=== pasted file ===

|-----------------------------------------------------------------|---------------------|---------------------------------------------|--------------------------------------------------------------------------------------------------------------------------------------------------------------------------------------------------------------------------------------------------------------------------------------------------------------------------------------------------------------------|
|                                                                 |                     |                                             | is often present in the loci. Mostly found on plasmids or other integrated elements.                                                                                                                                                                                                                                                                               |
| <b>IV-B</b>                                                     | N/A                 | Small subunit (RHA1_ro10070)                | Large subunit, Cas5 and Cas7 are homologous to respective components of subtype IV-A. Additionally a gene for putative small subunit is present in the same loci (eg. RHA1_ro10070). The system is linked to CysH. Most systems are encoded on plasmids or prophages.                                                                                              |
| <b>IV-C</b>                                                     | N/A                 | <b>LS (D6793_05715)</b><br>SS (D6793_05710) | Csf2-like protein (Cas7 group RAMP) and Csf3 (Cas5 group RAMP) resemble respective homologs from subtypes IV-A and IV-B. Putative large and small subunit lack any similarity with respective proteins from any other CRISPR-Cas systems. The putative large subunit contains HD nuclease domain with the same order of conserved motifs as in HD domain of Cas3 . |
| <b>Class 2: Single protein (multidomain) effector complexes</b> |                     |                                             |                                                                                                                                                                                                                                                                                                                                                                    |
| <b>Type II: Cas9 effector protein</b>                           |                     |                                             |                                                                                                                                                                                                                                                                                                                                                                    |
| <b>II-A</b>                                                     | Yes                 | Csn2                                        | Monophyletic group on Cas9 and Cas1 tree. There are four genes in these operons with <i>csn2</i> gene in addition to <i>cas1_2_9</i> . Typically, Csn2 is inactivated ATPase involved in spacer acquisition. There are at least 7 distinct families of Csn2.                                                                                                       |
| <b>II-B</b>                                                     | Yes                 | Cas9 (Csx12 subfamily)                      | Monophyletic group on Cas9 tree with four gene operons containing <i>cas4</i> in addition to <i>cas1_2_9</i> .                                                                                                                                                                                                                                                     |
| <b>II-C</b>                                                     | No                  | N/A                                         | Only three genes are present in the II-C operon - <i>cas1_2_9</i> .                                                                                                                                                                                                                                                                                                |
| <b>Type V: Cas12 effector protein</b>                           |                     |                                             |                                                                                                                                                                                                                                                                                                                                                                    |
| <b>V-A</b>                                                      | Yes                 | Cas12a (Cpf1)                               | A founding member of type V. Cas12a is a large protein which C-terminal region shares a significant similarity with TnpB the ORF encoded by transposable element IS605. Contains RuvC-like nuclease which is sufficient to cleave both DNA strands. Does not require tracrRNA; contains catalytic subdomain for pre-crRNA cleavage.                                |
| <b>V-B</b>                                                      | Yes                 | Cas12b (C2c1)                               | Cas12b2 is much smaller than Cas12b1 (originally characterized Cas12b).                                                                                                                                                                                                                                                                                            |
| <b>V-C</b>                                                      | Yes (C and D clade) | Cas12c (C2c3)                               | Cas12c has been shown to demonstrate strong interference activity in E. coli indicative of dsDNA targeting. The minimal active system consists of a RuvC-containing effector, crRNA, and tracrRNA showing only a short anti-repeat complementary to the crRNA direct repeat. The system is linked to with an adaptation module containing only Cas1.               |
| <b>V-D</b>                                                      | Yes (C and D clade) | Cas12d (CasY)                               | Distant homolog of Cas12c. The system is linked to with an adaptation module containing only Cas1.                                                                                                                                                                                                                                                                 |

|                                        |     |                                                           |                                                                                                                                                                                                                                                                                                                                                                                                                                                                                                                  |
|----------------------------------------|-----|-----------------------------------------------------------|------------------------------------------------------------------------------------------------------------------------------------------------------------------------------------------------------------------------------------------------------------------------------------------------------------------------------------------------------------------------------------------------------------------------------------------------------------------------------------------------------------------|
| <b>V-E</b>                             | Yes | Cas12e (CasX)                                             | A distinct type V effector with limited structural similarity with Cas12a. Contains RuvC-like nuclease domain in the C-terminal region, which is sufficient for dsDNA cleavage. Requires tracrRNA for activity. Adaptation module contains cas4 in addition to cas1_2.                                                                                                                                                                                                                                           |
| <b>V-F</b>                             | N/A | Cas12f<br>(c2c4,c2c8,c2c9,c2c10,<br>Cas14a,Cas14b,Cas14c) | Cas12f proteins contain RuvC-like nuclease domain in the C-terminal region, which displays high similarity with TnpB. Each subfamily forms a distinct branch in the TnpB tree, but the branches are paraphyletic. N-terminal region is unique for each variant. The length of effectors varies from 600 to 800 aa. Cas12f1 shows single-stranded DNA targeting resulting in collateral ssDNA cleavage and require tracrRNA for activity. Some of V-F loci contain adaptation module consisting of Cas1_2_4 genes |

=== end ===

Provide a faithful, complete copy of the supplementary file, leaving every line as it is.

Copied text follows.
|-----------------------------------------------------------------|---------------------|---------------------------------------------|--------------------------------------------------------------------------------------------------------------------------------------------------------------------------------------------------------------------------------------------------------------------------------------------------------------------------------------------------------------------|
|                                                                 |                     |                                             | is often present in the loci. Mostly found on plasmids or other integrated elements.                                                                                                                                                                                                                                                                               |
| <b>IV-B</b>                                                     | N/A                 | Small subunit (RHA1_ro10070)                | Large subunit, Cas5 and Cas7 are homologous to respective components of subtype IV-A. Additionally a gene for putative small subunit is present in the same loci (eg. RHA1_ro10070). The system is linked to CysH. Most systems are encoded on plasmids or prophages.                                                                                              |
| <b>IV-C</b>                                                     | N/A                 | <b>LS (D6793_05715)</b><br>SS (D6793_05710) | Csf2-like protein (Cas7 group RAMP) and Csf3 (Cas5 group RAMP) resemble respective homologs from subtypes IV-A and IV-B. Putative large and small subunit lack any similarity with respective proteins from any other CRISPR-Cas systems. The putative large subunit contains HD nuclease domain with the same order of conserved motifs as in HD domain of Cas3 . |
| <b>Class 2: Single protein (multidomain) effector complexes</b> |                     |                                             |                                                                                                                                                                                                                                                                                                                                                                    |
| <b>Type II: Cas9 effector protein</b>                           |                     |                                             |                                                                                                                                                                                                                                                                                                                                                                    |
| <b>II-A</b>                                                     | Yes                 | Csn2                                        | Monophyletic group on Cas9 and Cas1 tree. There are four genes in these operons with <i>csn2</i> gene in addition to <i>cas1_2_9</i> . Typically, Csn2 is inactivated ATPase involved in spacer acquisition. There are at least 7 distinct families of Csn2.                                                                                                       |
| <b>II-B</b>                                                     | Yes                 | Cas9 (Csx12 subfamily)                      | Monophyletic group on Cas9 tree with four gene operons containing <i>cas4</i> in addition to <i>cas1_2_9</i> .                                                                                                                                                                                                                                                     |
| <b>II-C</b>                                                     | No                  | N/A                                         | Only three genes are present in the II-C operon - <i>cas1_2_9</i> .                                                                                                                                                                                                                                                                                                |
| <b>Type V: Cas12 effector protein</b>                           |                     |                                             |                                                                                                                                                                                                                                                                                                                                                                    |
| <b>V-A</b>                                                      | Yes                 | Cas12a (Cpf1)                               | A founding member of type V. Cas12a is a large protein which C-terminal region shares a significant similarity with TnpB the ORF encoded by transposable element IS605. Contains RuvC-like nuclease which is sufficient to cleave both DNA strands. Does not require tracrRNA; contains catalytic subdomain for pre-crRNA cleavage.                                |
| <b>V-B</b>                                                      | Yes                 | Cas12b (C2c1)                               | Cas12b2 is much smaller than Cas12b1 (originally characterized Cas12b).                                                                                                                                                                                                                                                                                            |
| <b>V-C</b>                                                      | Yes (C and D clade) | Cas12c (C2c3)                               | Cas12c has been shown to demonstrate strong interference activity in E. coli indicative of dsDNA targeting. The minimal active system consists of a RuvC-containing effector, crRNA, and tracrRNA showing only a short anti-repeat complementary to the crRNA direct repeat. The system is linked to with an adaptation module containing only Cas1.               |
| <b>V-D</b>                                                      | Yes (C and D clade) | Cas12d (CasY)                               | Distant homolog of Cas12c. The system is linked to with an adaptation module containing only Cas1.                                                                                                                                                                                                                                                                 |

|                                        |     |                                                           |                                                                                                                                                                                                                                                                                                                                                                                                                                                                                                                  |
|----------------------------------------|-----|-----------------------------------------------------------|------------------------------------------------------------------------------------------------------------------------------------------------------------------------------------------------------------------------------------------------------------------------------------------------------------------------------------------------------------------------------------------------------------------------------------------------------------------------------------------------------------------|
| <b>V-E</b>                             | Yes | Cas12e (CasX)                                             | A distinct type V effector with limited structural similarity with Cas12a. Contains RuvC-like nuclease domain in the C-terminal region, which is sufficient for dsDNA cleavage. Requires tracrRNA for activity. Adaptation module contains cas4 in addition to cas1_2.                                                                                                                                                                                                                                           |
| <b>V-F</b>                             | N/A | Cas12f<br>(c2c4,c2c8,c2c9,c2c10,<br>Cas14a,Cas14b,Cas14c) | Cas12f proteins contain RuvC-like nuclease domain in the C-terminal region, which displays high similarity with TnpB. Each subfamily forms a distinct branch in the TnpB tree, but the branches are paraphyletic. N-terminal region is unique for each variant. The length of effectors varies from 600 to 800 aa. Cas12f1 shows single-stranded DNA targeting resulting in collateral ssDNA cleavage and require tracrRNA for activity. Some of V-F loci contain adaptation module consisting of Cas1_2_4 genes |